WASHINGTON -- Had you looked at the baseball calendar three weeks ago, this weekend's Dodgers-Nationals series in Washington would have been tabbed as a potential National League Championship Series preview, albeit a series itself with very little at stake.The Dodgers, winners of 56 of their previous 67 games, were the
WASHINGTON -- Had you looked at the baseball calendar three weeks ago, this weekend's Dodgers-Nationals series in Washington would have been tabbed as a potential National League Championship Series preview, albeit a series itself with very little at stake.
The Dodgers, winners of 56 of their previous 67 games, were the talk of baseball. Their .717 winning percentage had them on pace to tie the 2001 Mariners' Major League record of 116 victories. We were witnessing history.
The Nationals were firmly in control of the NL East, a 12 1/2-game lead putting them on track for a third straight division title. Home-field advantage seemed like a fantasy for Washington, which trailed Los Angeles by 14 1/2 games for the NL's best record.
Yet on Friday night, the Nats were only five games behind the Dodgers. Suddenly the NL's best record was within reach, and the team they were chasing was sitting in the third-base dugout at Nationals Park.
"I was thinking, coming in here to the ballpark, this is how it used to be when I was playing," Nationals manager Dusty Baker said. "You'd have a big series, you're thinking about it the night before, you're thinking about it during the day. It's like, 'OK, let's get down.'"
The Dodgers made a statement Friday with their 7-0 victory over the Nats, albeit against a starter (Edwin Jackson) they won't face in a postseason series. Still, the win boosted their lead for home field to six games with only two head-to-head meetings remaining.
"We got challenged and beat up for a couple of weeks," manager Dave Roberts said. "It was nice for us to come into this environment against a club like that and play well."
As expected, both sides said all the right things Friday afternoon, but the Nationals realize an opportunity has presented itself while the Dodgers are just trying to build on their first series win in more than three weeks.
"When they lost 15 of 16, that's when it was, 'Hey, it's a possibility,'" Max Scherzer said. "Are we going to break from our plan of how we feel best to prepare for the postseason? Probably not. We're going to go out there and continue to compete at the level we know we need to, and if we do chase them down, great. If we don't, we're not worried about it. We're in the postseason as a division winner; that's the first and foremost thing."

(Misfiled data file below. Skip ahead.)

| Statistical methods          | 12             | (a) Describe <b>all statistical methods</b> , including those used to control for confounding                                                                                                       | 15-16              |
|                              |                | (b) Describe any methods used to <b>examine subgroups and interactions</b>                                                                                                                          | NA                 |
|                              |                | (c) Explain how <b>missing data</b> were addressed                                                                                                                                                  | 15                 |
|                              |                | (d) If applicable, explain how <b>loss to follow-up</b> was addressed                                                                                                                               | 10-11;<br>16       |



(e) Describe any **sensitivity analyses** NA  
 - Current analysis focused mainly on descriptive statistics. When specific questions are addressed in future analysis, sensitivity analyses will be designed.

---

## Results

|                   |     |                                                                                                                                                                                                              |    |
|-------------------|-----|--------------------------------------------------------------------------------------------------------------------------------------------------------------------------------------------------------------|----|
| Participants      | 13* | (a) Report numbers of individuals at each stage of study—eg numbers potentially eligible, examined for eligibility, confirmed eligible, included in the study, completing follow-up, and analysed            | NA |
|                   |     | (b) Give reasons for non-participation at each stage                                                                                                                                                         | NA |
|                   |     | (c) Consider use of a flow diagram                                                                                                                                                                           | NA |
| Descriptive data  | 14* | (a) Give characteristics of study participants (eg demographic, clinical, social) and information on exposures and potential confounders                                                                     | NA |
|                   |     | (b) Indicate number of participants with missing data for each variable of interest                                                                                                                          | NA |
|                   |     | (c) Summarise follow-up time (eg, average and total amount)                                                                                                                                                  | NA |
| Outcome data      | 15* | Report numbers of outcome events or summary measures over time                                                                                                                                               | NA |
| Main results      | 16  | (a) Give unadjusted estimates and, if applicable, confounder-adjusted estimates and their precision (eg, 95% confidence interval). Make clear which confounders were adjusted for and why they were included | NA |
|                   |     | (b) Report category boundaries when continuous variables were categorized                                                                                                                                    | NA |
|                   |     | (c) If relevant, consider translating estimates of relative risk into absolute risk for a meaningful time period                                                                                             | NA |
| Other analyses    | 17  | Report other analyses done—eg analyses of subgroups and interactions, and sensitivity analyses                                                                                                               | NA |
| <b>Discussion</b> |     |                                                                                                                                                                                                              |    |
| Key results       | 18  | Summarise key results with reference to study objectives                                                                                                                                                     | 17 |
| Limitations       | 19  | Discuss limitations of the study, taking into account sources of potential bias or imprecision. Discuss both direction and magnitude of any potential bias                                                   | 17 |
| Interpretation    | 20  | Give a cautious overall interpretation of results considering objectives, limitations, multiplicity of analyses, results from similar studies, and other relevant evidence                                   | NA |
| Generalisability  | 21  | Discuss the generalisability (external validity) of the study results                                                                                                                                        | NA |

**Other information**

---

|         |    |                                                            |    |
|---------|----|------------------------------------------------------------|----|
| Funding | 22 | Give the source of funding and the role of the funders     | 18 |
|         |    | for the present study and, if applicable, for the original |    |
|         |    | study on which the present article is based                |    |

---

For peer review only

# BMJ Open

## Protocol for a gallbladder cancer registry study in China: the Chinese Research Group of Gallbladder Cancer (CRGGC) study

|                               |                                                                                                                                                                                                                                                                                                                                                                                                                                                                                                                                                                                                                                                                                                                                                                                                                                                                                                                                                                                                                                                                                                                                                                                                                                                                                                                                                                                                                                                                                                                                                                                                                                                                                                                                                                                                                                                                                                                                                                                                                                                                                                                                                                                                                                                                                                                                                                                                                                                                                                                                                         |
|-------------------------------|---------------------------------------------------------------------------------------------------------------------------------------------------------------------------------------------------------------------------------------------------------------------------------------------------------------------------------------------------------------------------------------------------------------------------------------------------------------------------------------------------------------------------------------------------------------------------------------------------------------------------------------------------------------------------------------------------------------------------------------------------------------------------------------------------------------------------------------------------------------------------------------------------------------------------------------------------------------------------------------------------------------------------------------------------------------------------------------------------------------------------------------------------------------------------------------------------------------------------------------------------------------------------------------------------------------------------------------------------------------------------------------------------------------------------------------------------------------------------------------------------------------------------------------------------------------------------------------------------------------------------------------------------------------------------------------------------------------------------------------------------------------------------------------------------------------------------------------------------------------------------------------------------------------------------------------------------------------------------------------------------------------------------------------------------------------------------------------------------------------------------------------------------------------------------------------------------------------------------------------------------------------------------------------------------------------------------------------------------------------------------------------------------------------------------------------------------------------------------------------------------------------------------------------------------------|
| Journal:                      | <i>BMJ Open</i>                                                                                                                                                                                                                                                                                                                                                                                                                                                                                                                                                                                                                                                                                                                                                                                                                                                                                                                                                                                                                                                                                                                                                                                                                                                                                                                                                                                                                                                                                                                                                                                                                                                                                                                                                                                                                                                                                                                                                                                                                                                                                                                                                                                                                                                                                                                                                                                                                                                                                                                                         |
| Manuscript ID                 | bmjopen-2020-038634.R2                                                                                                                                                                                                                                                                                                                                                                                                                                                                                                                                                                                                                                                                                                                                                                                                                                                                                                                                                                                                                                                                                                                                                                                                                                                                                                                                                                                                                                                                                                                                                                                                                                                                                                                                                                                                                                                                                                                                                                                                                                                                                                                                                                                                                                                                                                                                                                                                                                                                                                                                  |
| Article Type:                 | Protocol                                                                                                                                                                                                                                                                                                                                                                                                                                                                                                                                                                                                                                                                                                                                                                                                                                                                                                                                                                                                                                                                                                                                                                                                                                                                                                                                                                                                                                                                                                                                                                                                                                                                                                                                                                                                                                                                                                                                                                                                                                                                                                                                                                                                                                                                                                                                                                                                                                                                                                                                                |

Baker claimed to be "not that surprised" that things had tightened up between the two teams, saying he believed even a month ago that his team was capable of catching the Dodgers.
"I've seen a lot," Baker said. "You're told, 'They've got the best team in baseball' and 'They're going to win 122 games' and stuff like that. Baseball has a way of kind of humbling us all as soon as you think you've got it figured out. So I'm not surprised.
"Every day, you're one game away from a 22-game winning streak like Cleveland. Did anybody think on day No. 1 that they were going to win 22 in a row? When [the Dodgers] lost 16 out of 17, it started with one day. Did they ever think that this would snowball to this? So not much surprises me in the game. It's a daily game."
Home-field advantage is a nice perk, but these teams know it guarantees nothing. The Dodgers won Game 5 in this ballpark against the Nationals in last fall's NL Division Series, though Roberts recalled the stadium being "as loud as I've heard a ballpark." Playing that game -- or, based on current records, a decisive Game 7 in the NLCS -- in Los Angeles is far more appealing to the skipper.
"To have that at Dodger Stadium, it's considerably better to see a sea of blue instead of the sea of red we saw last October," Roberts said.
As important as home-field advantage may be, both managers were eager to get a firsthand look at the other's squad with the possibility of an October meeting with much higher stakes. That, even more than home field, seemed to be the motivator for the two teams.
"When you play a team like this and know this could be a potential foe, it's always good to heighten your focus or your intensity that much more," Roberts said. "There is something to that psychological advantage about having success against a particular ball club. For us, personally, just to get on track and play good baseball, I really believe is most important. And as a byproduct, for us to secure home-field advantage, that would be good, too."
For Baker, this weekend is a chance to acquaint himself with the current version of the Dodgers, a team he hasn't seen in person in more than three months.
"Since June, a lot has happened," Baker said. "I'm watching TV trying to scout them, and I don't know half of them. ... I think it's great that we're playing them this late. Even if they learn something about us, we'll learn a whole bunch about them."
By the end of the weekend, we should all learn a lot more, namely whether the road to the World Series in the NL will go through Los Angeles or Washington.
Mark Feinsand, executive reporter for MLB.com, has covered the Yankees and MLB since 2001 for the New York Daily News and MLB.com.